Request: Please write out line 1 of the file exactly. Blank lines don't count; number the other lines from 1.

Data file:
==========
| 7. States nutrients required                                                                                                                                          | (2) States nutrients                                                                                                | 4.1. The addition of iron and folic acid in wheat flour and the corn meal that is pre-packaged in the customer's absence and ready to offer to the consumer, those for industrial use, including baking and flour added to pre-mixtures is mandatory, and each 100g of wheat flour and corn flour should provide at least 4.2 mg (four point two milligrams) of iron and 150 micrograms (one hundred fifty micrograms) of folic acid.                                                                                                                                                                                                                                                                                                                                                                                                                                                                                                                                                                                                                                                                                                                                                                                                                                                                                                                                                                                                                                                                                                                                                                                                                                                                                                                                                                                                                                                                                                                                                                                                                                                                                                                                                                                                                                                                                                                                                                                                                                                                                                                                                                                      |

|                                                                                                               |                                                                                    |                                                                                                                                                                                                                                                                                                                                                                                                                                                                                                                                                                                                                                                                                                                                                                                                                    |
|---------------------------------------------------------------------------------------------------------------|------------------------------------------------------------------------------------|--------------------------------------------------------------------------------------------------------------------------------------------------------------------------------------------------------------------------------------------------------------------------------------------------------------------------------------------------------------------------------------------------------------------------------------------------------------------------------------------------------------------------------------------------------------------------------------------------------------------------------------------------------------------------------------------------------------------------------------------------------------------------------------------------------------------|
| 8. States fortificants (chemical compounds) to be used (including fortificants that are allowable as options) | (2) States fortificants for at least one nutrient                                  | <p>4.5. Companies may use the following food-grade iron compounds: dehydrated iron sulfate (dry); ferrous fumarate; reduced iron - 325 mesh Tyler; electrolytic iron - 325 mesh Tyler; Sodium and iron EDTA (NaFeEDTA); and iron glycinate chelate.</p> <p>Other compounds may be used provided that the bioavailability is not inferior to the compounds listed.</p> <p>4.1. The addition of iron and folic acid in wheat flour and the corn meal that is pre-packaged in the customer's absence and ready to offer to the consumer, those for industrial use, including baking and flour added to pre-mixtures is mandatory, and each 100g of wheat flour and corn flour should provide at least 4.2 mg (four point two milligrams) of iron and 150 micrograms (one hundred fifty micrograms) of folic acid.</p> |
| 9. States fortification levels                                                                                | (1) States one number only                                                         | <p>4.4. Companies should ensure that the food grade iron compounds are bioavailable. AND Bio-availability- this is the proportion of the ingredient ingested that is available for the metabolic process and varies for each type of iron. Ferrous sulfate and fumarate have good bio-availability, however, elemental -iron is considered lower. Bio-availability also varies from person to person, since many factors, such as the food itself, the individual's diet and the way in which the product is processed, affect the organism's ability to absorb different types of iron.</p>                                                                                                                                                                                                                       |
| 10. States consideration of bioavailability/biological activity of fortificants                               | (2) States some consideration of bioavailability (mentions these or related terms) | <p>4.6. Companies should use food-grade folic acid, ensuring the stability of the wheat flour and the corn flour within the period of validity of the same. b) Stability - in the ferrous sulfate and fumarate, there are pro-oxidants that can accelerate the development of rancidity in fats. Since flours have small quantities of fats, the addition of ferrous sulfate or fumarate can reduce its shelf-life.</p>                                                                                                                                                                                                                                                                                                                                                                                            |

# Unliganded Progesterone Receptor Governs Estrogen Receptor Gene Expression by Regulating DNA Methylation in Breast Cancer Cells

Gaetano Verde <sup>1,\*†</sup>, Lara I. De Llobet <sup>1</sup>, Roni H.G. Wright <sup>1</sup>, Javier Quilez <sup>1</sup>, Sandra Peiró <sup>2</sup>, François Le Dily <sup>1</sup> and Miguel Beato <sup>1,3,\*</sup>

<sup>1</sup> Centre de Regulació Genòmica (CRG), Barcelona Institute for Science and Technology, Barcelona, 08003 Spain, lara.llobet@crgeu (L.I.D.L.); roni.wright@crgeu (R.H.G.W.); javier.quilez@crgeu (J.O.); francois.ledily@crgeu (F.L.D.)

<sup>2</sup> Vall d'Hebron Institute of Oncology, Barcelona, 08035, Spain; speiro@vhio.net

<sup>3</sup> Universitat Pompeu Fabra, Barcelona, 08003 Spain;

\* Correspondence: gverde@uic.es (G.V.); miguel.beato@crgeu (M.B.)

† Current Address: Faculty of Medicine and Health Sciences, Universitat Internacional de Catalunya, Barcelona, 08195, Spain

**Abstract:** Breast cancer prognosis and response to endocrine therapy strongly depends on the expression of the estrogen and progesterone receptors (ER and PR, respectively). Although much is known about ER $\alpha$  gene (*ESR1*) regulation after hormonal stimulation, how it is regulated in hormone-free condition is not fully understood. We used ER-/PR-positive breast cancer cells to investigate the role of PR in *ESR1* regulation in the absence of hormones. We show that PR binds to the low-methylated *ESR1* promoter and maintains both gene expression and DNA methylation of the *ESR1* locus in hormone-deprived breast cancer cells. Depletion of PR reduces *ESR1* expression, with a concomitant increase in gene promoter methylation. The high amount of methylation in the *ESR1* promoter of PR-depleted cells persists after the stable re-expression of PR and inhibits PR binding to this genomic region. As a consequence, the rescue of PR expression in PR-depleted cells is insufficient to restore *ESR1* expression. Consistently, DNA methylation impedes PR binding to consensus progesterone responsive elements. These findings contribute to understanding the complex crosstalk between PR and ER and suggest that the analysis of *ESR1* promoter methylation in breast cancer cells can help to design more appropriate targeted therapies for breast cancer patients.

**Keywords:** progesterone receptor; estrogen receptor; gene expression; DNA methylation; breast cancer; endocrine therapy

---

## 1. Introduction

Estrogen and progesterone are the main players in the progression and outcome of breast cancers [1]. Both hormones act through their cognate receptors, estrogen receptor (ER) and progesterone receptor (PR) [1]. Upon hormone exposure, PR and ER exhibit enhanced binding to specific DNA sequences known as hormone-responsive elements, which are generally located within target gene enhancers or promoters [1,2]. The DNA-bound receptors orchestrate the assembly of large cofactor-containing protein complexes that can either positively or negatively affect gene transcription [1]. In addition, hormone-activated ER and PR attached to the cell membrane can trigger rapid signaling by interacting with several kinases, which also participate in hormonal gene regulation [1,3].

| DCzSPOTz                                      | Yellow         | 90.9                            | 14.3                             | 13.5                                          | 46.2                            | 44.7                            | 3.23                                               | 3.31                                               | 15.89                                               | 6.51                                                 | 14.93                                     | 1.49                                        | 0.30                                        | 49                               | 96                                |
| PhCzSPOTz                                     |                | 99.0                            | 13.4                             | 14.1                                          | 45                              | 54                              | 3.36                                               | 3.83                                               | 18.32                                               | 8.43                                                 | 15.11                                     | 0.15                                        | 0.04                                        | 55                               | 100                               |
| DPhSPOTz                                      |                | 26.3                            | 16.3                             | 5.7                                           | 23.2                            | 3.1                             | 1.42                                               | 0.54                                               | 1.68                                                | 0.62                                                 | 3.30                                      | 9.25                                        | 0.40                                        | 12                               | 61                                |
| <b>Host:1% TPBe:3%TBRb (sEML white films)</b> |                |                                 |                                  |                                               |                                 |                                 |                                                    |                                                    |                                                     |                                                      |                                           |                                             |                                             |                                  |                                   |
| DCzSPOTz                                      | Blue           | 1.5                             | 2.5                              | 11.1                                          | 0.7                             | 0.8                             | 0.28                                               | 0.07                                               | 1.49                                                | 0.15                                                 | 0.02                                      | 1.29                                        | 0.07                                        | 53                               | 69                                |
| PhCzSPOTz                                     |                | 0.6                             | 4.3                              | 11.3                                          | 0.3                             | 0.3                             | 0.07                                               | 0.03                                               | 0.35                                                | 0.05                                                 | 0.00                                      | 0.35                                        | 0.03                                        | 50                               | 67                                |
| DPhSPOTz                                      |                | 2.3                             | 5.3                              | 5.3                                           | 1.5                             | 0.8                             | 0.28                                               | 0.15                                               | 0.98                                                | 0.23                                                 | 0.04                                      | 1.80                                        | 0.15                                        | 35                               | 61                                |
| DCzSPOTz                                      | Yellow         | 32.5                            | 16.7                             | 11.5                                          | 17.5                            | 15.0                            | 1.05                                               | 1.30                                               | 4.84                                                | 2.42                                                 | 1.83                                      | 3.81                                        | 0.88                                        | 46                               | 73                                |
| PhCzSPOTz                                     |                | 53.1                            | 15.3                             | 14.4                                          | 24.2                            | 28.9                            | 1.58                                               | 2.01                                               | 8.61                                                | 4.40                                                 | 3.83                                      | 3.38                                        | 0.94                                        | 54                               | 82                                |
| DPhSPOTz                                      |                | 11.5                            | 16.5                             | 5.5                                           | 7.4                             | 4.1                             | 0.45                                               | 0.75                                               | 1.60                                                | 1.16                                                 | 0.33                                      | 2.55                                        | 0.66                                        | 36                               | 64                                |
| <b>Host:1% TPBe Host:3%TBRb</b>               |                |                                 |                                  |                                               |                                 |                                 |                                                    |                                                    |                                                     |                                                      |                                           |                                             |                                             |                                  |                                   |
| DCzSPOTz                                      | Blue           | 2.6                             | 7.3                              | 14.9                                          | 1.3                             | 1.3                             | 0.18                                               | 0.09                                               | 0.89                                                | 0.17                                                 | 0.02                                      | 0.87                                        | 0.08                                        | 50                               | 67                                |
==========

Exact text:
| 7. States nutrients required                                                                                                                                          | (2) States nutrients                                                                                                | 4.1. The addition of iron and folic acid in wheat flour and the corn meal that is pre-packaged in the customer's absence and ready to offer to the consumer, those for industrial use, including baking and flour added to pre-mixtures is mandatory, and each 100g of wheat flour and corn flour should provide at least 4.2 mg (four point two milligrams) of iron and 150 micrograms (one hundred fifty micrograms) of folic acid.                                                                                                                                                                                                                                                                                                                                                                                                                                                                                                                                                                                                                                                                                                                                                                                                                                                                                                                                                                                                                                                                                                                                                                                                                                                                                                                                                                                                                                                                                                                                                                                                                                                                                                                                                                                                                                                                                                                                                                                                                                                                                                                                                                                      |